I found this challenge on a YouTube thumbnail. I have yet to see the video.

The challenge is to show that the expression below is an integer:

To find the volume of a unit sphere, approximate the sphere with numerous discs, each of thickness dR (*Figure 1*). We’ll do this with the northern hemisphere only. Then we can double our result.

Grab a perfect sphere. Enclose it in a tube of paper (*Figure 1*). I claim that the rectangular sheet required to make the tube has the same area as the surface of the sphere.

How can this be?

You have two spheres of different size — say, an apple and a grapefruit. (A proton and a planet will do.) You are going to core each of these fruits. The shape that remains from each sphere is what we will call the napkin ring.

You deftly carve these items such that each resulting ring has the same height (*Figure 1*).

I claim that the apple ring and the grapefruit ring have the same volume.

This delight comes from a Putnam problem practice page posted by U of T.

`Given any prime, p > 3, show that p²≡1(MOD 24)`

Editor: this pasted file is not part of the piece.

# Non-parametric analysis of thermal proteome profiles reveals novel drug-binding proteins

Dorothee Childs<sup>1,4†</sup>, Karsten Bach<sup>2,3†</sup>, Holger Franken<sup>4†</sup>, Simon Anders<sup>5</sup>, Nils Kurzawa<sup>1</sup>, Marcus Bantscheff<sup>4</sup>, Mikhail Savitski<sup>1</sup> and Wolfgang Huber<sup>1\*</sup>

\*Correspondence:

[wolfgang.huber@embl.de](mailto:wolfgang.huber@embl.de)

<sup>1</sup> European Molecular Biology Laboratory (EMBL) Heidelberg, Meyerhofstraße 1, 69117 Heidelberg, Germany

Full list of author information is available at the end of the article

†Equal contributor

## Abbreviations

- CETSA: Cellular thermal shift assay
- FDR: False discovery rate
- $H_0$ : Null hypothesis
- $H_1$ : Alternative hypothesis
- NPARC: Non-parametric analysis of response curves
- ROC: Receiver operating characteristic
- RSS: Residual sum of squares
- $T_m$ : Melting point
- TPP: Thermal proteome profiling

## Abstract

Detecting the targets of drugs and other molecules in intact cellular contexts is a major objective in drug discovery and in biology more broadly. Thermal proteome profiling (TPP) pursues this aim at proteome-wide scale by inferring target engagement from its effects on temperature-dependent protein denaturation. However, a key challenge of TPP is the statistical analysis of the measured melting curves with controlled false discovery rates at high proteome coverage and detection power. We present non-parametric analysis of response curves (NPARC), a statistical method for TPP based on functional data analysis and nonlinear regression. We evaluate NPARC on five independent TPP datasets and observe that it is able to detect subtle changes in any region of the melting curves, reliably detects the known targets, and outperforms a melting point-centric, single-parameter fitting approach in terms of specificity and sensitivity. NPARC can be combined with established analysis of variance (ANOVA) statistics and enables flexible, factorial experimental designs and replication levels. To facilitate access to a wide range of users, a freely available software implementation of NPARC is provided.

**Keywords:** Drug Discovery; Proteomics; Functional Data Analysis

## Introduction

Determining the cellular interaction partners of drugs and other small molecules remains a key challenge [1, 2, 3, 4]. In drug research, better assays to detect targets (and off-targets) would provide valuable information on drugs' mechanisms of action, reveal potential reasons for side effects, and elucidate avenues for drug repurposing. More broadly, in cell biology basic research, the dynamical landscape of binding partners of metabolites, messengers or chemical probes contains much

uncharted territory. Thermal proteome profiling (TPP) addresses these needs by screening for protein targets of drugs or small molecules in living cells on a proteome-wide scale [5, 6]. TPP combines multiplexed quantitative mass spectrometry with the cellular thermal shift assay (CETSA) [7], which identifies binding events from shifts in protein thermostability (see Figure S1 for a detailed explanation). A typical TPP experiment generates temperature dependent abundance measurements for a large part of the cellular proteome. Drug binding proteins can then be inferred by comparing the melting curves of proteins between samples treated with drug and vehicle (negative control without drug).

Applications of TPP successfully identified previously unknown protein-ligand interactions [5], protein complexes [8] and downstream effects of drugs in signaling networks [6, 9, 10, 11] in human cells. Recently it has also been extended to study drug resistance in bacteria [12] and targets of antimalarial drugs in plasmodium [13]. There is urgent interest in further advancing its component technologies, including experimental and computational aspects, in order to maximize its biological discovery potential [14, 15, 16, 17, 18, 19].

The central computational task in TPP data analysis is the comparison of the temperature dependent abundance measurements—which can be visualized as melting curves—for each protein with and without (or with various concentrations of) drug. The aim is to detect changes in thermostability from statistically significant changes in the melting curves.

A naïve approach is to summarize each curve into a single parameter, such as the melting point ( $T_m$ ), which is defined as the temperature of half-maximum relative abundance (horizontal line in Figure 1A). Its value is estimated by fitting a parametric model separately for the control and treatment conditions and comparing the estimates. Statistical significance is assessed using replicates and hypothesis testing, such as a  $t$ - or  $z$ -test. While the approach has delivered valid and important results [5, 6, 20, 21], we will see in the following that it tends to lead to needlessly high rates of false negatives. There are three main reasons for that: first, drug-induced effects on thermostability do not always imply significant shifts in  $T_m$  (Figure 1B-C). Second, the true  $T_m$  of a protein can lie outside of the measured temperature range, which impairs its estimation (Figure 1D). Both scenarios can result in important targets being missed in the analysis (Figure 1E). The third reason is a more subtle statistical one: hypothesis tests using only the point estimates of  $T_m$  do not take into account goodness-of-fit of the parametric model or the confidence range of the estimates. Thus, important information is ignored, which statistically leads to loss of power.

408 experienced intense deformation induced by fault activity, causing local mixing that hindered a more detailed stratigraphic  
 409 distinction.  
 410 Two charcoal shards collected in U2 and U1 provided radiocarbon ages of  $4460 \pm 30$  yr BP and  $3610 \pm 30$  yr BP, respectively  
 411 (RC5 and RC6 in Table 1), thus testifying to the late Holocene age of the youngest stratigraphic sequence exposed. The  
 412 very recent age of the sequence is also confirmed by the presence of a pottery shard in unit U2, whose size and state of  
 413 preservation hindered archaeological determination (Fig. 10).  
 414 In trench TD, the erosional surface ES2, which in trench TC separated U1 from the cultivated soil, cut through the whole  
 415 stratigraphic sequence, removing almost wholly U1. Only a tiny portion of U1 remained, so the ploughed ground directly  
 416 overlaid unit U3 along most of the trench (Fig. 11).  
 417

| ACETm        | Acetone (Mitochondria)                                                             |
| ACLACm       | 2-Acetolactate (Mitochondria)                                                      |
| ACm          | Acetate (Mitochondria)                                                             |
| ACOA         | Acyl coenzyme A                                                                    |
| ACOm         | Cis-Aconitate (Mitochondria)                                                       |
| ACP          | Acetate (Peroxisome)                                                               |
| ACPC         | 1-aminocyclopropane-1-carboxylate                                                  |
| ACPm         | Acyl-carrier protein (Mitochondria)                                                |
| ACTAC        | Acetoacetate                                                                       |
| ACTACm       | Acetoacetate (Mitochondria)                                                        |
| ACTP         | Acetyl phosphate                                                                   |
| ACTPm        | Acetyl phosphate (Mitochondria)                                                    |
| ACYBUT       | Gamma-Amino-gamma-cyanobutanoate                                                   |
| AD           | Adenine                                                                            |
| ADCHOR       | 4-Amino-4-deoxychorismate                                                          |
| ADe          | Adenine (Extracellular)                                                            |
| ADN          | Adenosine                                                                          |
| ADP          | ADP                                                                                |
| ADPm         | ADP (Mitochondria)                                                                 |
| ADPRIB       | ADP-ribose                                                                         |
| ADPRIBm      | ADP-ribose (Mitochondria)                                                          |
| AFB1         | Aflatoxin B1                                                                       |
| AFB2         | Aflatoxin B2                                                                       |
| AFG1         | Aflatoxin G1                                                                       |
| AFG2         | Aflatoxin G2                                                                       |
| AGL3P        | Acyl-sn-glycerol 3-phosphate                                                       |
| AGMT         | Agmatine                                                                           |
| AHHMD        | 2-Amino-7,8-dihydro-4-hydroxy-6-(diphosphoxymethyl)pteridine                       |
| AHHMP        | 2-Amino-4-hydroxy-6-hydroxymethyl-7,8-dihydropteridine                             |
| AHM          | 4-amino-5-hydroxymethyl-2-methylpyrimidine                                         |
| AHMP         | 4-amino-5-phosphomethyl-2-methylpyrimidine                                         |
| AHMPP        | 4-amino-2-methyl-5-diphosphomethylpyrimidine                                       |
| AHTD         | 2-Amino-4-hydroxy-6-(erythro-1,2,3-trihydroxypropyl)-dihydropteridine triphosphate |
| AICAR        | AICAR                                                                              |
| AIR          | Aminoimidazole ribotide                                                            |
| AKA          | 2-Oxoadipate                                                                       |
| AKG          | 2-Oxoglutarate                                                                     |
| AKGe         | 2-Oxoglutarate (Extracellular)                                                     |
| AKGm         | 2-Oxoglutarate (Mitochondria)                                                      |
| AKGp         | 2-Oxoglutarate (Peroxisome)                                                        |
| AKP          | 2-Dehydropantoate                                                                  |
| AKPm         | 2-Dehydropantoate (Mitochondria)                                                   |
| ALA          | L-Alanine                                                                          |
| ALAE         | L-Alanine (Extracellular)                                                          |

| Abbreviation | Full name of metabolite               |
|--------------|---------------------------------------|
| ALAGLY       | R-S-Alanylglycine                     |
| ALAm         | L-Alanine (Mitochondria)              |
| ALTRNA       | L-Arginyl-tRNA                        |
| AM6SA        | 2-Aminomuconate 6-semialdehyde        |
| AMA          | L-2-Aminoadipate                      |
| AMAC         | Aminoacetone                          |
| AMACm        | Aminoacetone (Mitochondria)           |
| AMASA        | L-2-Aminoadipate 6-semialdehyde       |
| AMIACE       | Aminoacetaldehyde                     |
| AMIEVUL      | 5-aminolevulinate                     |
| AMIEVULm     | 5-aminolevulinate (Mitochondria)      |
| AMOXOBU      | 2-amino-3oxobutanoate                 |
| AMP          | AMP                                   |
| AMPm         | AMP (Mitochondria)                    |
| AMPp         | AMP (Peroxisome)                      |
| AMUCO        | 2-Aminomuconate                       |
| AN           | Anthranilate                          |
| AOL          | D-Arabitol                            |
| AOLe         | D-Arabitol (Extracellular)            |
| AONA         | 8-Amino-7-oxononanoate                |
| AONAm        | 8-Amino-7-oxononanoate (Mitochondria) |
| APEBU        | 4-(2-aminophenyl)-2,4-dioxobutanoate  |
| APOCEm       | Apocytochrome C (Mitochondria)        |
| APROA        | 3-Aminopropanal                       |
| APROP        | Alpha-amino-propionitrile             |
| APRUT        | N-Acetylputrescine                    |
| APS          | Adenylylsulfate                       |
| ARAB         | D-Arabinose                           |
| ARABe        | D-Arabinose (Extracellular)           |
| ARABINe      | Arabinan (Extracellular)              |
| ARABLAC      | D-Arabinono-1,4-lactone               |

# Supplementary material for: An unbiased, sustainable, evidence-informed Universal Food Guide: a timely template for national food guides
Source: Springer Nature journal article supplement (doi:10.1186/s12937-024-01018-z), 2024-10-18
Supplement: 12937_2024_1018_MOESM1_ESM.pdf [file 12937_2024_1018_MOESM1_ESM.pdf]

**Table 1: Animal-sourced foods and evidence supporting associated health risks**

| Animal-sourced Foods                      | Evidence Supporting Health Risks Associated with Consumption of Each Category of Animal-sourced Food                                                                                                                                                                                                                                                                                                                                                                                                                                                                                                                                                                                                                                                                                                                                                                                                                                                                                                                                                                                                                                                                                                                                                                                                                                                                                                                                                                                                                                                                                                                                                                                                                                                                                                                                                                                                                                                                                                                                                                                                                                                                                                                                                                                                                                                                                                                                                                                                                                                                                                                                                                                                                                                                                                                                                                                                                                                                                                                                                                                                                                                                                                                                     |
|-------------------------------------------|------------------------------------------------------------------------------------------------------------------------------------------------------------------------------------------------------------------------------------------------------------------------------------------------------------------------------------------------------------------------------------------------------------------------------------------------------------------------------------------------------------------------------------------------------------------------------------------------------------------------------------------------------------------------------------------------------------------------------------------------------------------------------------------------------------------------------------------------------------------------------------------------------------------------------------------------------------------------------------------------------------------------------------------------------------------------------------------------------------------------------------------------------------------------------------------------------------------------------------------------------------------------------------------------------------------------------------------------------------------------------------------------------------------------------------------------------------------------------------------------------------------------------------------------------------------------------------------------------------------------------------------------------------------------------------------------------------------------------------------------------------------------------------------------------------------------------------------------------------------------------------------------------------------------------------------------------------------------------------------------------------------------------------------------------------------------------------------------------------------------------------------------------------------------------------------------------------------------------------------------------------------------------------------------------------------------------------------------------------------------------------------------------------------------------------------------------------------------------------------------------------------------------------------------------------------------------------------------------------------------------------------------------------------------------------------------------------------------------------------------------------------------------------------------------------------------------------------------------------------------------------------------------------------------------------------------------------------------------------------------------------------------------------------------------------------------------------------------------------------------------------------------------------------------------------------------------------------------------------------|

Let’s put it this way. For a prime, ** p**, greater than

Suppose we have a product of functions, *uvw*. Each component — *u*, *v* and *w* — changes with some additional variable, time, *t*. How will an incremental increase in time, *dt*, affect our product?

Imagine your original function, *uvw*, as a *u × v × w* box:

“You’ll have to leave a small deposit,” said the shopkeeper. “For security.”

I had just scribbled my mark at the foot of a three-page document, set in 6-point Courier Bold.

I set aside the stylus and met the shopkeeper’s eye. I must have looked worried. He smiled. “A credit card imprint will be fine.”

“Oh. Yeah. Can do.”

I don’t know what I had thought he meant by “deposit.” My left pinky? Something less mundane.

“Have you operated one of these before?” he asked, writing down my MasterCard number next to my signature.

“Umm… No.” It hadn’t occurred to me…

The University of Toronto has posted this page and a half of brain teasers. How many can you solve?

Here’s the first:

`Show that `*n⁷ − n* is divisible by *42* for every positive integer *n*.

First, factor the polynomial.

I once designed a video game for a friend of mine. It featured him running back and forth, Donkey-Kong style, striking objects with the smoke from his pipe. My friend loved the game. But he missed the Easter Egg.

I had included with the game some awkwardly-written documentation. It was headed, “One angry jolt.” Surely my clever friend would read that as “a cross tic” and discover the code in the initial letters of the documentation. He would then read the instructions to hold down the <Ctrl> key while he keyed in the appropriate combination of letters and numbers.

Once…

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